After nine hours, and a couple of pizza deliveries, everything was packed. So there Josh and I were, sitting in my second living room. Feeling exhausted. Staring at boxes stacked half way to my 12 foot ceiling. My condo was empty and everything smelled like cardboard. Everything I owned, everything single thing I had worked hard for over the last decade was sitting there in that room. Just boxes, stacked on top of boxes, stacked on top of boxes.
Now each box was labeled. So I’d know where to go when I needed a particular item. Labels like “living room” “junk drawer #1” “kitchenware” “bedroom closet” “junk drawer #9”. So forth and so on. I spent the next 21 days unpacking only the items I needed. My toothbrush, my bed and bedsheets. The furniture I actually used. Some kitchenware, a toolset. Just the things that added value to my life. After three weeks 80% of my stuff was still sitting in those boxes. Just sitting there, unaccessed.
All those things that were supposed to make me happy, they weren’t doing their job. So I decided to donate and sell all of it. You know what? I started to feel rich for the first time. I started to feel rich once I got everything out of the way and made room for everything that remains.
A month later, my entire perspective had changed. And then I thought to myself, maybe some people might find value in my story, in our story.
Joshua Fields Millburn: So Ryan and I did I guess what anyone would do. We started a blog. We called it The Minimalists. That was three years ago. Then something amazing happened. 52 people visited our website in the first month. 52! I realize that might sound unremarkable at first, but that meant that our story was resonating with dozens of people. And then other amazing things started happening. 52 readers turned into 500. 500 became 5,000. Now, more than 2 million people a year read our words.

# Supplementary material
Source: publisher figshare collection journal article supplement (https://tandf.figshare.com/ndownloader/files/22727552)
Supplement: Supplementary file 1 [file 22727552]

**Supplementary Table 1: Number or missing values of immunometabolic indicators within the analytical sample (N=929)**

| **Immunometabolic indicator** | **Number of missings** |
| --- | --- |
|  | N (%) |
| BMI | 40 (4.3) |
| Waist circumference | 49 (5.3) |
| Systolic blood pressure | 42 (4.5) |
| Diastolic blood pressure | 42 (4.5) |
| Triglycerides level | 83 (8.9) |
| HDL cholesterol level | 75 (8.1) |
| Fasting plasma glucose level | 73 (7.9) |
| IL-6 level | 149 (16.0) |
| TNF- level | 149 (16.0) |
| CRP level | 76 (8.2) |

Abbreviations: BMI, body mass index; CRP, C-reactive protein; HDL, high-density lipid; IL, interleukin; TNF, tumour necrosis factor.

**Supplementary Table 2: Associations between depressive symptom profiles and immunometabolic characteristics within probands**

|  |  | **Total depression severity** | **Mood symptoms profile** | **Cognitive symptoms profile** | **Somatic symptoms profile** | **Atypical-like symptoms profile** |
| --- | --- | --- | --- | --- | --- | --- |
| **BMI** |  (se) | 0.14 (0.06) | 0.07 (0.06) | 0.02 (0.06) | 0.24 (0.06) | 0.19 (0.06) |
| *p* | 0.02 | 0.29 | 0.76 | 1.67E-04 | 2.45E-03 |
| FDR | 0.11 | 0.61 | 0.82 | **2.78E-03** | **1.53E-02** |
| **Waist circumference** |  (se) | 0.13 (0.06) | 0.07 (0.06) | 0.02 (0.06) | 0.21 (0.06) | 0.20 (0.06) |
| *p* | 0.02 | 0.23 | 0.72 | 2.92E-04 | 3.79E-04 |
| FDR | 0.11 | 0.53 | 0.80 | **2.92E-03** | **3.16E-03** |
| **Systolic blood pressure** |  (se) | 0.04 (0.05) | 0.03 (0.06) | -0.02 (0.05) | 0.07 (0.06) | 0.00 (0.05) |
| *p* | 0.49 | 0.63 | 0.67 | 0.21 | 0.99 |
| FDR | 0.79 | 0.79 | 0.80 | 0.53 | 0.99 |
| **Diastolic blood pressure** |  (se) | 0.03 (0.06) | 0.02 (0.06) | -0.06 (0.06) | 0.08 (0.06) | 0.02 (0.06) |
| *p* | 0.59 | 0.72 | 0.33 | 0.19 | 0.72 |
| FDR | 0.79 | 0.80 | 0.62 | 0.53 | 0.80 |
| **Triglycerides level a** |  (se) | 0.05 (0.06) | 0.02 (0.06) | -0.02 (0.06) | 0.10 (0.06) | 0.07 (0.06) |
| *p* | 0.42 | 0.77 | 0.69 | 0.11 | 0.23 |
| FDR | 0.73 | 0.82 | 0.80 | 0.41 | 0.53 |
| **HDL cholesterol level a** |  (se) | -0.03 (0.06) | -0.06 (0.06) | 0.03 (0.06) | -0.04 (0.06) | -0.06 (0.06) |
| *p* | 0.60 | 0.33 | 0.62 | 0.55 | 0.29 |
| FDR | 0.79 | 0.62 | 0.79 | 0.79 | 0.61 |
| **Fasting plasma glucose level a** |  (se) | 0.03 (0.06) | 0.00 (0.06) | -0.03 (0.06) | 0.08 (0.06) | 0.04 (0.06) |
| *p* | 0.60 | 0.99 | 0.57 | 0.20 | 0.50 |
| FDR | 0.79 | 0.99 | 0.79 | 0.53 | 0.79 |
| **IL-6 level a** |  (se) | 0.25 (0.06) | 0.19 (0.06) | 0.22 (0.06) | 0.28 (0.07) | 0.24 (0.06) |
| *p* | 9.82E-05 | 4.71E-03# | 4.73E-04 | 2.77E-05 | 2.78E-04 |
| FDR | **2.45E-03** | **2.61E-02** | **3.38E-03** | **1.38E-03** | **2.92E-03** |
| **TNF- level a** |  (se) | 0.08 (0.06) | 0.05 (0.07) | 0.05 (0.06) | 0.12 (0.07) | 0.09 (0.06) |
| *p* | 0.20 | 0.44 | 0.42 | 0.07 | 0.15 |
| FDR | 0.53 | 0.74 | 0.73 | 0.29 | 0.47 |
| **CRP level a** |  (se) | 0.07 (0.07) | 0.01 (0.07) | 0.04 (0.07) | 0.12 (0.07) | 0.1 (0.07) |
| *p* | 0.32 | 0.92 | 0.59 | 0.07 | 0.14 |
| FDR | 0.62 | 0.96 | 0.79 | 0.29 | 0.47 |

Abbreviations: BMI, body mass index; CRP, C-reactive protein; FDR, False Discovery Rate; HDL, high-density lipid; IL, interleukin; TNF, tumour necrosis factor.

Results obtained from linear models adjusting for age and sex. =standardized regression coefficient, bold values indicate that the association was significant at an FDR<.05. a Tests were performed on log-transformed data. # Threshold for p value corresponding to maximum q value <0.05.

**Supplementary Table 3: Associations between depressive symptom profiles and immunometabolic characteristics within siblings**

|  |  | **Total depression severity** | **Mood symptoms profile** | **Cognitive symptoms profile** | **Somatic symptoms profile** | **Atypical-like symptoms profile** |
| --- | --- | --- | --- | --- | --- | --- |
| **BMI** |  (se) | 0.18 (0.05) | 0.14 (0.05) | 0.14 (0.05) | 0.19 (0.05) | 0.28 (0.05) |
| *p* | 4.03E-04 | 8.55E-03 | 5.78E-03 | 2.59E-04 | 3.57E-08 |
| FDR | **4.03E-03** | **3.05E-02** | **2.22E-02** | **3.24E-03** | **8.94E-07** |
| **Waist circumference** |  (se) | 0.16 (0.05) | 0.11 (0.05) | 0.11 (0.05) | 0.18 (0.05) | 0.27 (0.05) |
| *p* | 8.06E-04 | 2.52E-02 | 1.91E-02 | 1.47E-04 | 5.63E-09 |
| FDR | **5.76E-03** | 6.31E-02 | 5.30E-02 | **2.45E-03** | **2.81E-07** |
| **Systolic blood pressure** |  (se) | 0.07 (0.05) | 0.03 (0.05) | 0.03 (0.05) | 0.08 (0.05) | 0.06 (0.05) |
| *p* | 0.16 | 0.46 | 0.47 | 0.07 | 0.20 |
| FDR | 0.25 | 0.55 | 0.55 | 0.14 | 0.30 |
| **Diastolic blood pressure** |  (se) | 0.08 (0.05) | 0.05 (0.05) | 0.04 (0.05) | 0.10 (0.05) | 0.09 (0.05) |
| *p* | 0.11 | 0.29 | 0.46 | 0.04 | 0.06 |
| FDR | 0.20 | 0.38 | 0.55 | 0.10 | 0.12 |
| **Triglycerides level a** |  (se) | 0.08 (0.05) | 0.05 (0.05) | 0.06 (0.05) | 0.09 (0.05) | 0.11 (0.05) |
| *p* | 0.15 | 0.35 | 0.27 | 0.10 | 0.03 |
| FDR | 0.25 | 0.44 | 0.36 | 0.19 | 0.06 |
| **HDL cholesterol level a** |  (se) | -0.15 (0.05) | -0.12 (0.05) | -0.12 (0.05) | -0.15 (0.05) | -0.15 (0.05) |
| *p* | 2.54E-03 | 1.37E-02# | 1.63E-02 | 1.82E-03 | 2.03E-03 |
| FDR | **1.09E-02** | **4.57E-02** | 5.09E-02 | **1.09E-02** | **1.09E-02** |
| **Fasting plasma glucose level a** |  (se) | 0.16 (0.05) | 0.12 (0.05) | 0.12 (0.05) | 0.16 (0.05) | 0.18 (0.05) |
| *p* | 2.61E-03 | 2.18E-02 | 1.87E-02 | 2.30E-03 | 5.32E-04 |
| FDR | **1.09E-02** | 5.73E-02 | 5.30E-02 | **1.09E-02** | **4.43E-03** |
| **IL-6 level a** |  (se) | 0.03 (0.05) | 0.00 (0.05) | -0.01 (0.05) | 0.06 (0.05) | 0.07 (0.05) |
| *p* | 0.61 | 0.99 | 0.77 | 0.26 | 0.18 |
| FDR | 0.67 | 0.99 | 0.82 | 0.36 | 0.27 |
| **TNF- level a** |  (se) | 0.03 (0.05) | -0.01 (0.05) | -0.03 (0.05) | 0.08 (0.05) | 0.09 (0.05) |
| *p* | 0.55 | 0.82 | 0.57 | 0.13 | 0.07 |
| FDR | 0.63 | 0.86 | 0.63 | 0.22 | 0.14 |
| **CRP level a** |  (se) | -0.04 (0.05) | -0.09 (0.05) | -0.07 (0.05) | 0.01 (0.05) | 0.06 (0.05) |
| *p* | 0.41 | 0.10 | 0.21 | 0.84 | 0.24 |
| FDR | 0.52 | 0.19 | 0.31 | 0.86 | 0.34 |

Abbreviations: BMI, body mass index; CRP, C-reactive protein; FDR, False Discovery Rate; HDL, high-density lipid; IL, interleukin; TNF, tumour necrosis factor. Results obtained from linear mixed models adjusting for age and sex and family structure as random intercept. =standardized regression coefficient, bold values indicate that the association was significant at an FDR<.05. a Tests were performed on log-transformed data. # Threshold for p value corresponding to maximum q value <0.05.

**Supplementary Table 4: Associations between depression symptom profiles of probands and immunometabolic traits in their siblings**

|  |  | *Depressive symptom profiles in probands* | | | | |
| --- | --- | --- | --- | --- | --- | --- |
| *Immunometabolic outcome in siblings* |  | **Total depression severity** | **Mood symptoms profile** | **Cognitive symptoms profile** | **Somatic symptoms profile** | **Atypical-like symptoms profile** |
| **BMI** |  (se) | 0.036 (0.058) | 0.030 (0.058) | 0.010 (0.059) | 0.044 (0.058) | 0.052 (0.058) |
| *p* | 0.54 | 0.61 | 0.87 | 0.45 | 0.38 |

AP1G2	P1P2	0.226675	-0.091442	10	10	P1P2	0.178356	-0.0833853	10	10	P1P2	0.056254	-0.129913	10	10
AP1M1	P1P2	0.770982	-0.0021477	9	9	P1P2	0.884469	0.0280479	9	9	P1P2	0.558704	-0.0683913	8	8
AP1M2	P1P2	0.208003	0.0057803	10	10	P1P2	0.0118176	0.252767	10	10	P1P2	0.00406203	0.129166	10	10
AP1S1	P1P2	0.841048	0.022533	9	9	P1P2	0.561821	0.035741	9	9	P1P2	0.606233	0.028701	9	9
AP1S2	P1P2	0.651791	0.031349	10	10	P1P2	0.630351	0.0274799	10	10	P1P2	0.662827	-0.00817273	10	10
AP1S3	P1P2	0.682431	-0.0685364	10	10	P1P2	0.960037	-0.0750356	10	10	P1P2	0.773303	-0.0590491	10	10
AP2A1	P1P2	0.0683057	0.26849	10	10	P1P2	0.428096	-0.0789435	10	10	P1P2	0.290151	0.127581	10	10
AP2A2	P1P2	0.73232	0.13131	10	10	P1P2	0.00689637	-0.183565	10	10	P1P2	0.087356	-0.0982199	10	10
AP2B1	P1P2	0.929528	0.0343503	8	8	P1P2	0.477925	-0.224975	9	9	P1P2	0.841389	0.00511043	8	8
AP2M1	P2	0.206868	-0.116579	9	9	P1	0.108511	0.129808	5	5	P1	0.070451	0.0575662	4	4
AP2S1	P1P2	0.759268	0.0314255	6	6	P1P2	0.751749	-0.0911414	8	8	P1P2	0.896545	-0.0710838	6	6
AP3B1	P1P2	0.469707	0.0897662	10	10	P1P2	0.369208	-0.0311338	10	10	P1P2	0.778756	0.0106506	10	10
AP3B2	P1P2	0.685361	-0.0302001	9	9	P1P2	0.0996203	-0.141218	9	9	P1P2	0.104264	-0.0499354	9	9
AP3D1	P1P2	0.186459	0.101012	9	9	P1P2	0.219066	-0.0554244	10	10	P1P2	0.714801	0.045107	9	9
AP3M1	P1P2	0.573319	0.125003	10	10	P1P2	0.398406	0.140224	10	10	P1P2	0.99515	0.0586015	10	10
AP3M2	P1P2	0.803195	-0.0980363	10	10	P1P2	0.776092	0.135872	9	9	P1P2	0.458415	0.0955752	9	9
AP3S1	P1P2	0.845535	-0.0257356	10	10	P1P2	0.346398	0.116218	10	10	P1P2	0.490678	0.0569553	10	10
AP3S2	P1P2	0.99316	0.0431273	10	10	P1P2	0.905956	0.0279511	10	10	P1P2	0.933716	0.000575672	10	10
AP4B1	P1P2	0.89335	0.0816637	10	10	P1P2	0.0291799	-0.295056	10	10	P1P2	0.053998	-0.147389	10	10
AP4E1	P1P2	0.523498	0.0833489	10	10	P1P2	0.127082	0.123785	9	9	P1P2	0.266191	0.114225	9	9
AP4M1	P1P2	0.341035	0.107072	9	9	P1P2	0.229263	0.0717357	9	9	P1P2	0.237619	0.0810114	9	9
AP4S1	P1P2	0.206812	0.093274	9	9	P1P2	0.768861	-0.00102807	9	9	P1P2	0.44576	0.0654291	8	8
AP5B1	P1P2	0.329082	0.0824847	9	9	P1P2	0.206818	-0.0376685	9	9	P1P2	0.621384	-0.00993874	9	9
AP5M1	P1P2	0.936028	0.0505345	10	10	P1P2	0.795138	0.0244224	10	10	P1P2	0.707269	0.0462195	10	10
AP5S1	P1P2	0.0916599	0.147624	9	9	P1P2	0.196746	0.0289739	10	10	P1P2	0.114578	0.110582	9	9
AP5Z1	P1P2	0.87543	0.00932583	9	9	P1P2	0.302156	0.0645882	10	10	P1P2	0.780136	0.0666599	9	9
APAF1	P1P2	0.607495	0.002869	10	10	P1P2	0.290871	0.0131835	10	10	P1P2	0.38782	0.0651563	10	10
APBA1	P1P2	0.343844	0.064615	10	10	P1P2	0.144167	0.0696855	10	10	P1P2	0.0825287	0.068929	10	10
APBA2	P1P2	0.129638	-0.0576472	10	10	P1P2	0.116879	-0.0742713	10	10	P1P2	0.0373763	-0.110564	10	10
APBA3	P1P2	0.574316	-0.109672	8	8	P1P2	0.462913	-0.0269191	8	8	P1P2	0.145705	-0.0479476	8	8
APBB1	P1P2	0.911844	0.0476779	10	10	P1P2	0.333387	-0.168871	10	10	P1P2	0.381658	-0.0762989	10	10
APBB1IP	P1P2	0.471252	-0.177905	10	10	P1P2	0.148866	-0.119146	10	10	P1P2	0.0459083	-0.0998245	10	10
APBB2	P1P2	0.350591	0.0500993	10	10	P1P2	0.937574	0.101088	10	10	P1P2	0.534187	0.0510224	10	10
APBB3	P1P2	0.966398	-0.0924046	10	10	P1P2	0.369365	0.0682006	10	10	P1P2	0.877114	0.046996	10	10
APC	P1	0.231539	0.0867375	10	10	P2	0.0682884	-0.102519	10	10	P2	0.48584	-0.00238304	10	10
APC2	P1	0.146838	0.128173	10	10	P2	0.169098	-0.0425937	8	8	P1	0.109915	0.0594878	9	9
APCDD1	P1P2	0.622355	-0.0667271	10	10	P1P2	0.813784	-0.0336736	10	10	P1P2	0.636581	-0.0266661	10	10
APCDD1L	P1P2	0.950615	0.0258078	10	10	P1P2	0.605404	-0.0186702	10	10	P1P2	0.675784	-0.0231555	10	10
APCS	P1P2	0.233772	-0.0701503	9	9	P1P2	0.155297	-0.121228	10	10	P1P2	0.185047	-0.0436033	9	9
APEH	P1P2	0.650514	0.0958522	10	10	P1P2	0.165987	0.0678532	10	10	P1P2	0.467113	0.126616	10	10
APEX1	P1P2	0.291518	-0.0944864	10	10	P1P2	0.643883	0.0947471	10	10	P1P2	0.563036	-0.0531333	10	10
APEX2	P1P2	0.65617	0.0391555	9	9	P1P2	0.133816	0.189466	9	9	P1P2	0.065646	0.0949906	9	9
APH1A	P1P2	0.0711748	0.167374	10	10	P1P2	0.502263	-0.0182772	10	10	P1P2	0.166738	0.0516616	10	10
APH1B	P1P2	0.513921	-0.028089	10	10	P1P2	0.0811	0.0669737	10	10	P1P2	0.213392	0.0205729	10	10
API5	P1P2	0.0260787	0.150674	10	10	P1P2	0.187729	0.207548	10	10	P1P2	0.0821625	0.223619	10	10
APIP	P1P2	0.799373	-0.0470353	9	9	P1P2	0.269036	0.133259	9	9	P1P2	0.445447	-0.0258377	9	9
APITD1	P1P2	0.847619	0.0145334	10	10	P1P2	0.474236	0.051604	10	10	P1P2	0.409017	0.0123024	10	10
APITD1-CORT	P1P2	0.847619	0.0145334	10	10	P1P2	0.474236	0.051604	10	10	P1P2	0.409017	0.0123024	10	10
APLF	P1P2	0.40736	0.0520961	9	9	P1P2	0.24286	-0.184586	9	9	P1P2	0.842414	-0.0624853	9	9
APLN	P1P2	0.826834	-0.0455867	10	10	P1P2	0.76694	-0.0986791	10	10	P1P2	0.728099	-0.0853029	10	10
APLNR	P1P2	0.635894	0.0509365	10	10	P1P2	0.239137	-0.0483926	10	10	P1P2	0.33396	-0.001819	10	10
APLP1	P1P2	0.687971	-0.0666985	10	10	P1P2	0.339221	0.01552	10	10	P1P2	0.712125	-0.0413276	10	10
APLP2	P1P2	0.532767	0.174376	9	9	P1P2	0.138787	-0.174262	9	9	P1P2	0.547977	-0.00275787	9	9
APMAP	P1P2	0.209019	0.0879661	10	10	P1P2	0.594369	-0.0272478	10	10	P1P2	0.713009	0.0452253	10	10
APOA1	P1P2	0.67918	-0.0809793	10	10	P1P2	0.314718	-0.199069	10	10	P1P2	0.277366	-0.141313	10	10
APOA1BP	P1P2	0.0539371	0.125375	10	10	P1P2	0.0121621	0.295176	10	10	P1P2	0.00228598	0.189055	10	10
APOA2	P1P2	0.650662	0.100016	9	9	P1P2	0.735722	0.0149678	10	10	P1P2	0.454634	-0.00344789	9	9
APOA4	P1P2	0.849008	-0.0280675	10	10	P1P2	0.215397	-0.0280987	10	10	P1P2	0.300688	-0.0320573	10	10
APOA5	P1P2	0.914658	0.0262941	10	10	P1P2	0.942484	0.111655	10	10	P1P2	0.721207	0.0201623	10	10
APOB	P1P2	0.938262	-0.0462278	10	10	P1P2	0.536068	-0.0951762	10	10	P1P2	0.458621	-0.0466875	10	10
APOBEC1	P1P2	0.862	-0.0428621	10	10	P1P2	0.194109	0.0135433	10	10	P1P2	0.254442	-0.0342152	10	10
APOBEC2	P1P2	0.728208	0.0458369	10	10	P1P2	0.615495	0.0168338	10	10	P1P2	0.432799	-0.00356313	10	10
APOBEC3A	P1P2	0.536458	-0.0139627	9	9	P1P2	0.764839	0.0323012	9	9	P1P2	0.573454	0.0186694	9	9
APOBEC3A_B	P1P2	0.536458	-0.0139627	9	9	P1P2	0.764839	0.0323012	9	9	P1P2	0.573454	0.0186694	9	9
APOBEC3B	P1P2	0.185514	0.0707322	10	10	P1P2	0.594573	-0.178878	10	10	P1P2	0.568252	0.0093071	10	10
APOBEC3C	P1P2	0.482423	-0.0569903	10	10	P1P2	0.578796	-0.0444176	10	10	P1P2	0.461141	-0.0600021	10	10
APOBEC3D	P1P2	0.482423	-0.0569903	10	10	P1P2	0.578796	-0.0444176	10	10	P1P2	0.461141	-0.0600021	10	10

It turns out that when you add value to people’s lives, they’re pretty eager to share the message with their friends and their family to add value to their lives. Adding value is a basic human instinct. In fact, that’s why we’re here today. A couple years ago, Ryan and I moved from Ohio to Montana and what we discovered here was an entire community of people. People who weren’t traditionally wealthy, but who were rich in a different way. We discovered so many people who were willing to contribute beyond themselves and that’s what makes a real community. Contribution.
And so, we’d like to encourage everyone to take a look at your day-to-day lives. Take a look at whatever eats up the majority of your time. Is it checking email or Facebook? Or watching TV? Is it shopping online or at retail stores? Is it working hard for a paycheck to buy stuff you don’t need? Things that won’t make you happy.
Now it’s not that we think that there’s anything inherently wrong with material possessions or working a 9 to 5. There’s not — we all need some stuff. We all have to pay the bills, right? It’s just that when we put those things first we tend to lose sight of our real priorities. We lose sight of life’s purpose. So maybe getting some of the excess stuff out of the way, clearing the clutter from our lives can help us all focus on everything that remains. Things like health, relationships, growth, contribution, community. Thank you.